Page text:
Opponents of the city's plan to crack down on supersized, sugary drinks have asked a judge to delay enforcement of it, saying beverage makers and sellers shouldn't have to spend millions of dollars to comply until a court rules on whether the measure is legal.
With the rule set to take effect March 12, beverage industry, restaurant and other business groups want to put it on hold at least until there's a ruling on their lawsuit seeking to block it altogether. The measure would bar many eateries from selling high-sugar drinks in cups or containers bigger than 16 ounces.
"It would be a tremendous waste of expense, time, and effort for our members to incur all of the harm and costs associated with the ban if this court decides that the ban is illegal," Chong Sik Le, president of the New York Korean-American Grocers Association, said in court papers filed Friday.
City lawyers are fighting the lawsuit and have said they'll oppose postponing the restriction, which the city Board of Health approved in September.
"We think that there's been time to comply," a city lawyer, Thomas Merrill, said after the critics indicated last month that they planned to seek a delay. Merrill noted that the city has said it won't seek fines until June.
Mayor Michael Bloomberg and other city officials see the first-of-its-kind limit as a coup for public health. The city's obesity rate is rising, and studies have linked sugary drinks to weight gain, they note.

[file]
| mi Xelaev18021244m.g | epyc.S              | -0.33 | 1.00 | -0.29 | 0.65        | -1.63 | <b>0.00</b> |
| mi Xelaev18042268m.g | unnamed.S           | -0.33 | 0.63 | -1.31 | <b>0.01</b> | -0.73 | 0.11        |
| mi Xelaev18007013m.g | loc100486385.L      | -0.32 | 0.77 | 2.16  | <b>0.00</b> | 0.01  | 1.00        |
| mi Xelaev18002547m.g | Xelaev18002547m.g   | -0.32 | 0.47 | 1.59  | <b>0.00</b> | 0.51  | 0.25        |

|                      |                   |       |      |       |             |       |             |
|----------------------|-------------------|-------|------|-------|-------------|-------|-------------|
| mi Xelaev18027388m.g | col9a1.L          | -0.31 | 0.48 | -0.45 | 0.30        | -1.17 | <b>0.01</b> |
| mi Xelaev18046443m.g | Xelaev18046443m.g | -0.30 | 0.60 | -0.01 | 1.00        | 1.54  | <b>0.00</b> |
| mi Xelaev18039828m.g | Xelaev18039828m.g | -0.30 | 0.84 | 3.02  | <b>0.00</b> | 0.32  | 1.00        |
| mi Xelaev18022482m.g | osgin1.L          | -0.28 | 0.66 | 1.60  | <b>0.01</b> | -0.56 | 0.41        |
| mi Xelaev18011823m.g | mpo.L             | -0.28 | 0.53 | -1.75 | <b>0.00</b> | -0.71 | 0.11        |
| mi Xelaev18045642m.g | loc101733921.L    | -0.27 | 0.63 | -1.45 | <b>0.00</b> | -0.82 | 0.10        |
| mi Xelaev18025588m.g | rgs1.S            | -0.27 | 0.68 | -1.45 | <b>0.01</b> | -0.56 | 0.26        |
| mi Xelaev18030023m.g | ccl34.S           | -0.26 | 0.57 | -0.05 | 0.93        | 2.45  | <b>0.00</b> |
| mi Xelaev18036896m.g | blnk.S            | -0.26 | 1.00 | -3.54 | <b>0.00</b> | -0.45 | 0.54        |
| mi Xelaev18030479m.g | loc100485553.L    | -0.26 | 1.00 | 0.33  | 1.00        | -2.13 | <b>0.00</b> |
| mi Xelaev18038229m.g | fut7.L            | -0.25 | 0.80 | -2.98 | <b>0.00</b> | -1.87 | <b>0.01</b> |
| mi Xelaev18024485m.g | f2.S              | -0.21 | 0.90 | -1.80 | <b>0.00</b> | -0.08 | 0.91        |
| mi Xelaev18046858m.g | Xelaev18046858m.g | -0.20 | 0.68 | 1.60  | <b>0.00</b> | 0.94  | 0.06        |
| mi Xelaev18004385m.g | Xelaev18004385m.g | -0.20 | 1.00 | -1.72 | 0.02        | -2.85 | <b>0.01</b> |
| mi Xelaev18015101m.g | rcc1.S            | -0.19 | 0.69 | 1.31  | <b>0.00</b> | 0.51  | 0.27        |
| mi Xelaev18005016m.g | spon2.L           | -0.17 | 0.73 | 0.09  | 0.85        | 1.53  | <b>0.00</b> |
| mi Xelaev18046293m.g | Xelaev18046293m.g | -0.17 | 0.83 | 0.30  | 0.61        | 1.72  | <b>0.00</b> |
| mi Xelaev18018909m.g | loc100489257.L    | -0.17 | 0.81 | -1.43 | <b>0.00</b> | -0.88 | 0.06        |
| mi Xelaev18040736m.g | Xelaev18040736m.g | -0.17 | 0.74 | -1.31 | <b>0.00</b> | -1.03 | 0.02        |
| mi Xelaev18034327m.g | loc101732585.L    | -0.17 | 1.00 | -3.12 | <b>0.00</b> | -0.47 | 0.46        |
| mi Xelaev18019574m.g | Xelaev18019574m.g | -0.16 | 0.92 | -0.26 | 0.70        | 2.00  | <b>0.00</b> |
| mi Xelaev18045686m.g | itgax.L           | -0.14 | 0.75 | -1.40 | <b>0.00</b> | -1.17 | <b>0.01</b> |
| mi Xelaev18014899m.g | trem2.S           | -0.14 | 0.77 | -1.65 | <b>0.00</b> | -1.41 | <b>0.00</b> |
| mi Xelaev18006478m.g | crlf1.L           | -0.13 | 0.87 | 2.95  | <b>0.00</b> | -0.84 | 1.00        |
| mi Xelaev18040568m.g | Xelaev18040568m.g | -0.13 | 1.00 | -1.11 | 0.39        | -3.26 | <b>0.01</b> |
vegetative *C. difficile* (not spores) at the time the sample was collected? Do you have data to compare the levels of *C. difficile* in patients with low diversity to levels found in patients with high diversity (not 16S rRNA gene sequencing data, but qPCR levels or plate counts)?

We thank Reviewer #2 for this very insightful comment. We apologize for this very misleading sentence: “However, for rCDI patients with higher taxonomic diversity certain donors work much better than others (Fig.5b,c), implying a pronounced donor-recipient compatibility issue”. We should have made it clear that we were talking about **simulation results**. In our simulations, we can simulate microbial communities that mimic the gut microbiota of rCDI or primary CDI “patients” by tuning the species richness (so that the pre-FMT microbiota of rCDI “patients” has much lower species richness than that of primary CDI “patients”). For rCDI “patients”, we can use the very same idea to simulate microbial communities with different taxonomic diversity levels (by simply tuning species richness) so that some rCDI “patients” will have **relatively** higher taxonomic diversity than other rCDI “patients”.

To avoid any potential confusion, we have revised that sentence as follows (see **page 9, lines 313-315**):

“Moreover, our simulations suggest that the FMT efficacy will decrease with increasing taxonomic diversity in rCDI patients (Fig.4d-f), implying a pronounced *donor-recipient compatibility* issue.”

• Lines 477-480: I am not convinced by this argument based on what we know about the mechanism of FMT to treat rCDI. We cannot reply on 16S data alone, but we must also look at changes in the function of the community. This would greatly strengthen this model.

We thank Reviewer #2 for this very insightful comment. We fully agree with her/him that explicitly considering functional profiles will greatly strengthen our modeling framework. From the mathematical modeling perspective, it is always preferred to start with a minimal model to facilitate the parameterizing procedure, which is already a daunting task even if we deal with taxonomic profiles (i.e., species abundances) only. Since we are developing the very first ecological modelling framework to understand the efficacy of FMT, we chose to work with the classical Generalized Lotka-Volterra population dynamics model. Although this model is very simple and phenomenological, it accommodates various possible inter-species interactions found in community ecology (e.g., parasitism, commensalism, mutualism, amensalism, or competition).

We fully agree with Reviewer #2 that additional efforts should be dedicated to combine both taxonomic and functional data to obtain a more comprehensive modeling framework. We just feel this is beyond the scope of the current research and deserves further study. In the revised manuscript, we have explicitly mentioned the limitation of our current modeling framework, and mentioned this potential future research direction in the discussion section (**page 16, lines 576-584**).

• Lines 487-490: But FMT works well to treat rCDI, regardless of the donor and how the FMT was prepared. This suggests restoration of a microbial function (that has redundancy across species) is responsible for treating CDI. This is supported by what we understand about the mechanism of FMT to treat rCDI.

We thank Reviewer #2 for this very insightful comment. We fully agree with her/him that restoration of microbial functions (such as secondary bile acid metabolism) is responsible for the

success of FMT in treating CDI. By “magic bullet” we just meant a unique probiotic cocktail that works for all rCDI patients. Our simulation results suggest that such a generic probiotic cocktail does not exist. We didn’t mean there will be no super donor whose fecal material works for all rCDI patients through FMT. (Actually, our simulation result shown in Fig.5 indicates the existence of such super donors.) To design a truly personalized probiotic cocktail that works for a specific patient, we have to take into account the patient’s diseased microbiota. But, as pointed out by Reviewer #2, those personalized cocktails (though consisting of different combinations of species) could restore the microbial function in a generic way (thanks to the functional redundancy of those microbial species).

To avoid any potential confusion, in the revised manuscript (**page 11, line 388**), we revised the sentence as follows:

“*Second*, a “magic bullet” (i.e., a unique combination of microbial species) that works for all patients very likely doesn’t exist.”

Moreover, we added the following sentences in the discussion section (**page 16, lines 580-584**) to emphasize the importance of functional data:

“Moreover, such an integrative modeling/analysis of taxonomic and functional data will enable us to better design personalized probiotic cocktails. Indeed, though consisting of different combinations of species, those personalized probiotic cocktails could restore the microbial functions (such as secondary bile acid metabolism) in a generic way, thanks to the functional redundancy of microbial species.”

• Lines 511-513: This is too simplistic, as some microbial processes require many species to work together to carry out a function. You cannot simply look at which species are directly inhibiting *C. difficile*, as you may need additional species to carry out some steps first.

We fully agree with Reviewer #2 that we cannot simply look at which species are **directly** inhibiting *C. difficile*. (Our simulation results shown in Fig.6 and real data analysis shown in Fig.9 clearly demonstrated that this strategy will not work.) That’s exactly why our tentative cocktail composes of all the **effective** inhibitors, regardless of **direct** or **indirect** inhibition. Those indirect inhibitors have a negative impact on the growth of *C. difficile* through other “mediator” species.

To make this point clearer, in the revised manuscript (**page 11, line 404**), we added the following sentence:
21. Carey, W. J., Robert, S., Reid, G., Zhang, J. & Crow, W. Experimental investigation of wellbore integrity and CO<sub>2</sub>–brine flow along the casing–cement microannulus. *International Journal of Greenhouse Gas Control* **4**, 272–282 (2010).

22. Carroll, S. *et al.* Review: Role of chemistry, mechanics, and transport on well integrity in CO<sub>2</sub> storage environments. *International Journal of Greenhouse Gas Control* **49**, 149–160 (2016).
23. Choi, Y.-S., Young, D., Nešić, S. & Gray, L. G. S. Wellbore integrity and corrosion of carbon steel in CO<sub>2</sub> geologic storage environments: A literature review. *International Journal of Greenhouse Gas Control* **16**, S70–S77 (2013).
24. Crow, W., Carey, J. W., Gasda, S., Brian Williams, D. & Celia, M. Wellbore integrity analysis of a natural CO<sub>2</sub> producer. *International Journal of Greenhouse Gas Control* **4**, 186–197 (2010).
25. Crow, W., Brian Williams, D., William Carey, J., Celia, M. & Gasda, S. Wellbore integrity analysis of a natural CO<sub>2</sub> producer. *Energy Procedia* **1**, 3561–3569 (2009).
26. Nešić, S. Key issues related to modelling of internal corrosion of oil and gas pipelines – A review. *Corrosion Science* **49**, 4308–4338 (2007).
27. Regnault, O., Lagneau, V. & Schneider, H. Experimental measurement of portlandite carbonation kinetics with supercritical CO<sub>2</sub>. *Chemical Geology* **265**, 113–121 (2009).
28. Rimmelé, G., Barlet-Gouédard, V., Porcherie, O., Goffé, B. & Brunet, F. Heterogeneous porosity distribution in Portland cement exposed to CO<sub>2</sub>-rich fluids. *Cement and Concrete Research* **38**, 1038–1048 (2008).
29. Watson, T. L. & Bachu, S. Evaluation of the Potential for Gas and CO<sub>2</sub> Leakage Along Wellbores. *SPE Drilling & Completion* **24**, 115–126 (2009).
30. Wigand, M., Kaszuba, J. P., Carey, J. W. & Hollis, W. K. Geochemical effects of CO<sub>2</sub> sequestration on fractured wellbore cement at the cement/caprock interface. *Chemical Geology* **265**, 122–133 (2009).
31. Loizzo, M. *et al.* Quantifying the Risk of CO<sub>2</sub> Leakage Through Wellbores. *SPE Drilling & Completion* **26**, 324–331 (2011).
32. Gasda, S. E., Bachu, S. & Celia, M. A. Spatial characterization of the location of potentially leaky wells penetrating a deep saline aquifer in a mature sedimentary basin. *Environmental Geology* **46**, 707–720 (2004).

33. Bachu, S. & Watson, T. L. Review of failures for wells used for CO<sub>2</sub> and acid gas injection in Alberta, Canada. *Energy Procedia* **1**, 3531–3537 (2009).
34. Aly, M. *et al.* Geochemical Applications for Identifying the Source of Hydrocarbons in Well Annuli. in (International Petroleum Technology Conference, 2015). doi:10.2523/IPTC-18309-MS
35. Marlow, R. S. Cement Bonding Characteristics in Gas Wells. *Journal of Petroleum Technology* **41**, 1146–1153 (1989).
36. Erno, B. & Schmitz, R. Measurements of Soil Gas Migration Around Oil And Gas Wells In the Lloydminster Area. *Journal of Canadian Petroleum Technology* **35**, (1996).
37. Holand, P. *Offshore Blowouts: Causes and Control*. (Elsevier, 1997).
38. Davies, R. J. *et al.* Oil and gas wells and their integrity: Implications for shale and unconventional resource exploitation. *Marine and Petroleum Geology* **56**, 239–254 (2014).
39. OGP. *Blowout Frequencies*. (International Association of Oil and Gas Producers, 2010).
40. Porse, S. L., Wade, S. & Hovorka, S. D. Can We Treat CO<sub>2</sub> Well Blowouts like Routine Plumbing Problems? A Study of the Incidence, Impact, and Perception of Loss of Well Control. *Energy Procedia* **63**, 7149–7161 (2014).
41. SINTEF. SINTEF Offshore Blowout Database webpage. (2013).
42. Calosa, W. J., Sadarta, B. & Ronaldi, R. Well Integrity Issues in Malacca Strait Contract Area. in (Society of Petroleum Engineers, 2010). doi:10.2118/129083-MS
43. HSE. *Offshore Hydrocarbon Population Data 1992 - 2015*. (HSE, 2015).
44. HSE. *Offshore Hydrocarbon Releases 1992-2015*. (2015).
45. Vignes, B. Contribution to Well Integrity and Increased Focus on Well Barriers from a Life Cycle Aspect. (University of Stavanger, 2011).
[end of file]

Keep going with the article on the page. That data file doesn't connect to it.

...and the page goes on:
"This is the biggest step a city has taken to curb obesity," Bloomberg said when the measure passed.
Soda makers and other critics view the rule as an unwarranted intrusion into people's dietary choices and an unfair, uneven burden on business. The restriction won't apply at supermarkets and many convenience stores because the city doesn't regulate them.
While the dispute plays out in court, "the impacted businesses would like some more certainty on when and how they might need to adjust operations," American Beverage Industry spokesman Christopher Gindlesperger said Tuesday.
Those adjustments are expected to cost the association's members about $600,000 in labeling and other expenses for bottles, Vice President Mike Redman said in court papers. Reconfiguring "16-ounce" cups that are actually made slightly bigger, to leave room at the top, is expected to take cup manufacturers three months to a year and cost them anywhere from more than $100,000 to several millions of dollars, Foodservice Packaging Institute President Lynn Dyer said in court documents.
Movie theaters, meanwhile, are concerned because beverages account for more than 20 percent of their overall profits and about 98 percent of soda sales are in containers greater than 16 ounces, according to Robert Sunshine, executive director of the National Association of Theatre Owners of New York State.
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